How has the condensed matter landscape changed over the past 50 years?

As you may have heard, the JPhys series is celebrating its 50th anniversary this year.  Anniversaries are a good time to reminisce and we’ve been looking at the topics of papers from the first ever volume of J. Phys. C and comparing them with the topics covered by our most recent volume of JPCM (JPCM was formed in 1989 when J. Phys. C: Solid State Physics and J. Phys. F: Metal Physics merged).  As you can see from the word clouds below, some things are very different, but many of the topics are as relevant, and well-studied, today as they were in 1968.

Word cloud of articles published in J. Phys. C in 1968

Word cloud of articles published in JPCM in 2017

The biggest change has obviously been the advance in computer technology allowing large-scale simulations.  Computer methodologies such as density functional theory (DFT), molecular dynamics (MD) and Monte Carlo (MC) feature strongly in 2017 JPCM research papers.

The journal now publishes a wealth of papers covering many aspects of nanostructures and 2d materials, and current “hot” materials such as Dirac/Weyl semimetals and dichalcogenides.  JPCM expanded its coverage over the years to include liquids, soft matter and biological physics, and the appearance of DNA, colloids, water and liquid crystals in the 2017 word cloud above shows that these topics are now considered at home in the condensed matter community.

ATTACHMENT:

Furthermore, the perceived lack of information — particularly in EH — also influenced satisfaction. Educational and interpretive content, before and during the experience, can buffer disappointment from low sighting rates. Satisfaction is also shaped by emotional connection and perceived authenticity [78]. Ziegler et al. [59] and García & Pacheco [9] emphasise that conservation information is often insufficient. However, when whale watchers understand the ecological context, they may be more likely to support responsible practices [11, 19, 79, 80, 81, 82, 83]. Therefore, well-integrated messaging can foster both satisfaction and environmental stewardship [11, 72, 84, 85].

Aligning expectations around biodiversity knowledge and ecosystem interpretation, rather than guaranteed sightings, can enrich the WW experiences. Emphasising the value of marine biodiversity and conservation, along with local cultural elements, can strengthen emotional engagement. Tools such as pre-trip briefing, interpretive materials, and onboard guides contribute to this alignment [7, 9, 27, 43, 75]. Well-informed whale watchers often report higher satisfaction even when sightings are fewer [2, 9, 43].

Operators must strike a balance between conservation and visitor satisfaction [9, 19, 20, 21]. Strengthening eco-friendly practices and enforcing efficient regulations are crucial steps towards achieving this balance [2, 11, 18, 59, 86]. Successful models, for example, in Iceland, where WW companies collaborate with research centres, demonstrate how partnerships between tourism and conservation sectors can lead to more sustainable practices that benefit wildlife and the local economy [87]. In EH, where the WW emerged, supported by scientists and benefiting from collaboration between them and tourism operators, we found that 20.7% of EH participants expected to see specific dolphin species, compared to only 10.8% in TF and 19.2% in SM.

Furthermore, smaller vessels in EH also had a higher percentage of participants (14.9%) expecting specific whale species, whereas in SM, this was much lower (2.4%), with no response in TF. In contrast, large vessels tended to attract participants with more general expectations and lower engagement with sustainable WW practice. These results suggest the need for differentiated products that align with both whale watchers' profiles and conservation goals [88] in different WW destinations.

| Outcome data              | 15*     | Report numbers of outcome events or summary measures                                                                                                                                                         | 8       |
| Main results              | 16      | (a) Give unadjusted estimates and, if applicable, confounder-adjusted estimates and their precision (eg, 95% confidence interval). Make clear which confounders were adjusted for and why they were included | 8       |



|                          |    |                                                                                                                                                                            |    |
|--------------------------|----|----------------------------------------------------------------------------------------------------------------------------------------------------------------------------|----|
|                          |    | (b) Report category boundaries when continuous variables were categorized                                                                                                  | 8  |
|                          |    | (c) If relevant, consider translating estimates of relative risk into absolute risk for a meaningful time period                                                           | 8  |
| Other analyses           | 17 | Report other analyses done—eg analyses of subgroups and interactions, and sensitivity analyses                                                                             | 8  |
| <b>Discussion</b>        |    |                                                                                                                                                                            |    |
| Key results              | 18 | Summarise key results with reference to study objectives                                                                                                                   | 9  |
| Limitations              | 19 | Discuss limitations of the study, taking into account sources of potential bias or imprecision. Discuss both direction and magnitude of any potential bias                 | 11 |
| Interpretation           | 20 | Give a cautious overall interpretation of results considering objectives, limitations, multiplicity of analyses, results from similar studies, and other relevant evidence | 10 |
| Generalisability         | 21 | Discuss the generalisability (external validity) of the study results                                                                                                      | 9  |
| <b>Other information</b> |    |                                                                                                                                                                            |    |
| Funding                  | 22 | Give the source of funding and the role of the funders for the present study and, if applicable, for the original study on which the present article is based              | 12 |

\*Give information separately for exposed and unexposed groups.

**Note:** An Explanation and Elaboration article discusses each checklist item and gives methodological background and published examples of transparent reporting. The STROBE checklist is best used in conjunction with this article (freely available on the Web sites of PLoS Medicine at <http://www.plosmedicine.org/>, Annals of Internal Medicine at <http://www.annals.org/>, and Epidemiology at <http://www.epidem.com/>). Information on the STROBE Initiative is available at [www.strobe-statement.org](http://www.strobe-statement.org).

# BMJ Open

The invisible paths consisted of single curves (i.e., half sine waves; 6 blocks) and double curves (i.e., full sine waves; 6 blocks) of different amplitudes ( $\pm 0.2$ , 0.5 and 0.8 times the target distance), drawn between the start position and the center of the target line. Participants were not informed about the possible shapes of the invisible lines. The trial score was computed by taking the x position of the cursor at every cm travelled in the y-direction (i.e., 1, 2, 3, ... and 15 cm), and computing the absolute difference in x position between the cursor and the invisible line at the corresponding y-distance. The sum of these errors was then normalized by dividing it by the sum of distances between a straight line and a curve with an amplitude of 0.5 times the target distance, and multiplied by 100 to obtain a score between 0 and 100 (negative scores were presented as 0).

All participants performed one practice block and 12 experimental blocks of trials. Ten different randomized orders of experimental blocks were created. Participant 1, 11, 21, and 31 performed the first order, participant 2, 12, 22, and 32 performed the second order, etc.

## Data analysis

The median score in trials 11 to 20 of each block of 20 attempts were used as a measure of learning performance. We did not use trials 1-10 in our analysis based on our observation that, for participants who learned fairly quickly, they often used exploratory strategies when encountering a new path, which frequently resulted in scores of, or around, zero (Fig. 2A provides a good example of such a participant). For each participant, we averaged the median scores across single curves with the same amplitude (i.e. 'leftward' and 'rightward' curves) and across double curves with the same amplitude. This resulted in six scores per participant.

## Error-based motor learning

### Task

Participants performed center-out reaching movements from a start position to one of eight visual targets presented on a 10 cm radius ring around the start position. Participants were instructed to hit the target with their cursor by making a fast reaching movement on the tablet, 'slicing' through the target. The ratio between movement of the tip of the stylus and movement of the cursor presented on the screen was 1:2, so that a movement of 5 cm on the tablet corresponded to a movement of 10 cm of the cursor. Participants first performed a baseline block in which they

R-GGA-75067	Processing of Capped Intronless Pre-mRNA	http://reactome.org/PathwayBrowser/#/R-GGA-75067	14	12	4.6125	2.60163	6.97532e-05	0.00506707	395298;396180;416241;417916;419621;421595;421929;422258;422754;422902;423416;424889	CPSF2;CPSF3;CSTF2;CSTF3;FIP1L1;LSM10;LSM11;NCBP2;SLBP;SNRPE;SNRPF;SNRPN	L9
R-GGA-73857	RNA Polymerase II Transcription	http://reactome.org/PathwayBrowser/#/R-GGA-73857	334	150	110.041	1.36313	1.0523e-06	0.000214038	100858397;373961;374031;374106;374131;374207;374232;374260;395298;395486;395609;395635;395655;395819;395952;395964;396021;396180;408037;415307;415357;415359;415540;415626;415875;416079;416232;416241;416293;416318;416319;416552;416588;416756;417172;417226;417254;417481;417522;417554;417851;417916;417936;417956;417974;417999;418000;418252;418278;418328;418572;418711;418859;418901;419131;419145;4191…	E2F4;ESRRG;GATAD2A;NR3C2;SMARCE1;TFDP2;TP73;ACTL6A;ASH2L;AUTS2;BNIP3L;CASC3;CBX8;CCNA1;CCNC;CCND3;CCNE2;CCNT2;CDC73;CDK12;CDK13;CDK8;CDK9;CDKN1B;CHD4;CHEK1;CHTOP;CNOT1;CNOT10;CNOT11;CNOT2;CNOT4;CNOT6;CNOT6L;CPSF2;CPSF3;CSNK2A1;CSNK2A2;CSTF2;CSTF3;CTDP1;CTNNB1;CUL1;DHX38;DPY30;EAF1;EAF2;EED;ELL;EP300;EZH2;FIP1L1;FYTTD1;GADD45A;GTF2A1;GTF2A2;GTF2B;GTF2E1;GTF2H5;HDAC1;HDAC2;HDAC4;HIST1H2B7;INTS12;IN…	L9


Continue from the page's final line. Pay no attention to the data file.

Magnetism is a topic that features heavily in both eras, and J. Phys. C and JPCM.  The percentage of papers reporting use of neutron scattering isn’t quite as high as in 1968, but it is still the most common technique for experimental papers in JPCM.  Research on superconductors and semiconductors has also been a core part of the journals from the beginning.

Impressively we still have at least one author who published in the very first volume of J. Phys. C who is still publishing with us today.

Find out more about changes in journal articles (number of articles, number of references etc) over the years in this JPhys+ post from 2015.

CC-BY logoThis work is licensed under a Creative Commons Attribution 3.0 Unported License

Categories: Journal of Physics: Condensed Matter, JPhys+

Tags: , ,

%d bloggers like this: